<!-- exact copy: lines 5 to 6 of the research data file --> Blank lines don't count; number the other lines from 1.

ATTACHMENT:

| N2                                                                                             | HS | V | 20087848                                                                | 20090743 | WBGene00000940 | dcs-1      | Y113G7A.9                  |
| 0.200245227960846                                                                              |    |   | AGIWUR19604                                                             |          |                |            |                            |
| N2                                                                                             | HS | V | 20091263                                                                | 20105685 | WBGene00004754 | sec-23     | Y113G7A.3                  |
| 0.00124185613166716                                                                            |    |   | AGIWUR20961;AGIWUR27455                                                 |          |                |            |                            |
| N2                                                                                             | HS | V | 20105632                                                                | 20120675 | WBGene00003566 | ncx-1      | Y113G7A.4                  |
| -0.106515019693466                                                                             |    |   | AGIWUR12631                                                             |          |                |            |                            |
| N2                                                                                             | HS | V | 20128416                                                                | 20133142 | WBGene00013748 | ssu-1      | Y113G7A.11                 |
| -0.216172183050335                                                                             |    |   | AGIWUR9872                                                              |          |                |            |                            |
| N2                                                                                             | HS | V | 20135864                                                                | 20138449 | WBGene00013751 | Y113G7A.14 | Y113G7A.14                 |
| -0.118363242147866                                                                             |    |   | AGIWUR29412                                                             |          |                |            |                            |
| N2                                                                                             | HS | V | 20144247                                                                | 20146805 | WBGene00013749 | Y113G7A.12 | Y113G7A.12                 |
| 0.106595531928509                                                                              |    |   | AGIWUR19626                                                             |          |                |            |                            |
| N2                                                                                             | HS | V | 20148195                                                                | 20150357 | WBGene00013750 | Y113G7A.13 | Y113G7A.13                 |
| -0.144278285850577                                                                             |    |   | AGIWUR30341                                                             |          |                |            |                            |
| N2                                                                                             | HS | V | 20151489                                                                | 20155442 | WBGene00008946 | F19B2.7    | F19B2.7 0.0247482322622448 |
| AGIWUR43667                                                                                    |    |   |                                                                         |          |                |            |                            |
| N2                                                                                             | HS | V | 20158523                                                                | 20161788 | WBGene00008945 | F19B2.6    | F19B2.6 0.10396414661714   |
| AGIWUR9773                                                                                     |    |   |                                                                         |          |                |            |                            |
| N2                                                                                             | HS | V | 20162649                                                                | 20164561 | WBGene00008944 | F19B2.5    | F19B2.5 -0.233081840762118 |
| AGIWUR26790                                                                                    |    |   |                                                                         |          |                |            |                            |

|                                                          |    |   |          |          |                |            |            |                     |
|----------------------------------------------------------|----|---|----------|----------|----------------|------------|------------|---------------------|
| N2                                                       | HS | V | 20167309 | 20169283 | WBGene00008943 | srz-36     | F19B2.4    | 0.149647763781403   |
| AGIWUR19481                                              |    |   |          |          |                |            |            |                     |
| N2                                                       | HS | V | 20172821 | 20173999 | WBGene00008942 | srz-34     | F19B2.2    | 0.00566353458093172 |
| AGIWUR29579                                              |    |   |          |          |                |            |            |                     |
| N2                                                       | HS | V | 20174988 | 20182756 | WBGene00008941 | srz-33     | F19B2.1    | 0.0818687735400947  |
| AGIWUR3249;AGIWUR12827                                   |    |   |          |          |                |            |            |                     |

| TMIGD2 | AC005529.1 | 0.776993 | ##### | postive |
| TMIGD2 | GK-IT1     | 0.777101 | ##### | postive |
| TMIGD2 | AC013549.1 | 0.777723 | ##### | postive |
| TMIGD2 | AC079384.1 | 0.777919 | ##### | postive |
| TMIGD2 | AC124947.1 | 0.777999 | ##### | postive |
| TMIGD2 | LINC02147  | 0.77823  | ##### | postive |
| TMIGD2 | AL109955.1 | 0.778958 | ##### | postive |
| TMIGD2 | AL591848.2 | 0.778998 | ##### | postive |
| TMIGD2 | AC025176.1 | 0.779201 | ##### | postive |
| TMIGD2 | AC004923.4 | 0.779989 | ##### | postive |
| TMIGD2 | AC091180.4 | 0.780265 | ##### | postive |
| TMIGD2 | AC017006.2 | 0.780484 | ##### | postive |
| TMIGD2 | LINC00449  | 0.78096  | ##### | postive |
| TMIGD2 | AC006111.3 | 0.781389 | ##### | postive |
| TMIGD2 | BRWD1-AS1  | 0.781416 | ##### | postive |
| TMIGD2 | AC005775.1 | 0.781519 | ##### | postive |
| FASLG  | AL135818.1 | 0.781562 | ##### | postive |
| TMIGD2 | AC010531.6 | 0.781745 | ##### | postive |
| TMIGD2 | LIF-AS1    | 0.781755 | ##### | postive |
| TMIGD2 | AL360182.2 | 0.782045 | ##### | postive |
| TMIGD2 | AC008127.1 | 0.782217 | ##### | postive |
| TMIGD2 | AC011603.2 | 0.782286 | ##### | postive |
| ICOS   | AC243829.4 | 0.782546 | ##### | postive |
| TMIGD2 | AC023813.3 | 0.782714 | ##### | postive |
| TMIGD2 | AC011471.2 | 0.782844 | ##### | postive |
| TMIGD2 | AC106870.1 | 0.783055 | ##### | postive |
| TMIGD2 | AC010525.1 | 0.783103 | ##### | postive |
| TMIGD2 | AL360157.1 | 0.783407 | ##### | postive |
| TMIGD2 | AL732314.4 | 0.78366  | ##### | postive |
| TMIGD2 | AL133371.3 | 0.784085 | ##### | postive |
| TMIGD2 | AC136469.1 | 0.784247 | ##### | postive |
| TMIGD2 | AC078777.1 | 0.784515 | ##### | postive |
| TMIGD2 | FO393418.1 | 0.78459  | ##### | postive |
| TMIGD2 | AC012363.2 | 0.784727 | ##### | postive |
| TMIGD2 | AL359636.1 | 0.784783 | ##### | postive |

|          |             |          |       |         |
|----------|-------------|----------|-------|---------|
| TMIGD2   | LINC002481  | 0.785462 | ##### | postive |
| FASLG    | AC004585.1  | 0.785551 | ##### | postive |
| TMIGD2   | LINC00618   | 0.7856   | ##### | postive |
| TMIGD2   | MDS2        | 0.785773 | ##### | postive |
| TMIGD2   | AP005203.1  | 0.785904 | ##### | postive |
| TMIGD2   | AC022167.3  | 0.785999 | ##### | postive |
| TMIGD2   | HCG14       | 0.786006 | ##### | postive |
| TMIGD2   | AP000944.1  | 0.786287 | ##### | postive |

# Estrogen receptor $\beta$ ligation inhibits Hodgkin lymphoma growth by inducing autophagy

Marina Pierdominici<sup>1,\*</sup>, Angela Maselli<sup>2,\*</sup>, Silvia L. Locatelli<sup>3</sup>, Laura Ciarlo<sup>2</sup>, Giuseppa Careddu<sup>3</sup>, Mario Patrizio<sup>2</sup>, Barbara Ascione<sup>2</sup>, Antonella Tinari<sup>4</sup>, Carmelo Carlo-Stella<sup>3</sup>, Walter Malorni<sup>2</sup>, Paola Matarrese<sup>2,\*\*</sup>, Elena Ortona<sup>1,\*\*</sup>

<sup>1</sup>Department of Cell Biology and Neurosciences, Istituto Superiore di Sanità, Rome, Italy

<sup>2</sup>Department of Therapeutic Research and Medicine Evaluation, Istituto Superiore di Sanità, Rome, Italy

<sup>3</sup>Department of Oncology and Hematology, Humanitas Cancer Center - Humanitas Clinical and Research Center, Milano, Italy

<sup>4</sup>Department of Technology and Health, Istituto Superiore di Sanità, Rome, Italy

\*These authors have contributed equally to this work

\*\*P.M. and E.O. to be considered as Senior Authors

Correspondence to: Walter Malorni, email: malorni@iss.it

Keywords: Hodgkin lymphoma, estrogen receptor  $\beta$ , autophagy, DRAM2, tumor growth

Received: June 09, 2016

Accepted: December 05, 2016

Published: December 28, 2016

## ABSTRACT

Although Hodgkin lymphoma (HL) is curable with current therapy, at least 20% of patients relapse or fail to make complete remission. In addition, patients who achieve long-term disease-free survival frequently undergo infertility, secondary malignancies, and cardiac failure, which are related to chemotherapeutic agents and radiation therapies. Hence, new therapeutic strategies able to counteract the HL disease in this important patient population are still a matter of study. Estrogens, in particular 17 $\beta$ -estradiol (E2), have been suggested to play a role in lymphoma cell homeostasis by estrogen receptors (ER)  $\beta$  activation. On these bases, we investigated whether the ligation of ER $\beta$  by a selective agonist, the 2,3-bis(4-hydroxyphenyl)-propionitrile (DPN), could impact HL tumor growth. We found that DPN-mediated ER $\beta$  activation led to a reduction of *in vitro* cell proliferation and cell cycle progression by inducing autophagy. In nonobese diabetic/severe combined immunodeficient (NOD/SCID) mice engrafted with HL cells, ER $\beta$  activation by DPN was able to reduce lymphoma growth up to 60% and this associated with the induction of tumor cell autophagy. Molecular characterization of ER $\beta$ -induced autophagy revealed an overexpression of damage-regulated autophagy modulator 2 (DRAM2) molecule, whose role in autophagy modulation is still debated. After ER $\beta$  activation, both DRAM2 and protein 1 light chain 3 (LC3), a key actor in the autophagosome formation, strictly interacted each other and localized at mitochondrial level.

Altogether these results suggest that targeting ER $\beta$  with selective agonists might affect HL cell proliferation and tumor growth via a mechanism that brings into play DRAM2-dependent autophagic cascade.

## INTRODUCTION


| N2                                                                                             | HS | V | 20105632                                                                | 20120675 | WBGene00003566 | ncx-1      | Y113G7A.4                  |
| -0.106515019693466                                                                             |    |   | AGIWUR12631                                                             |          |                |            |                            |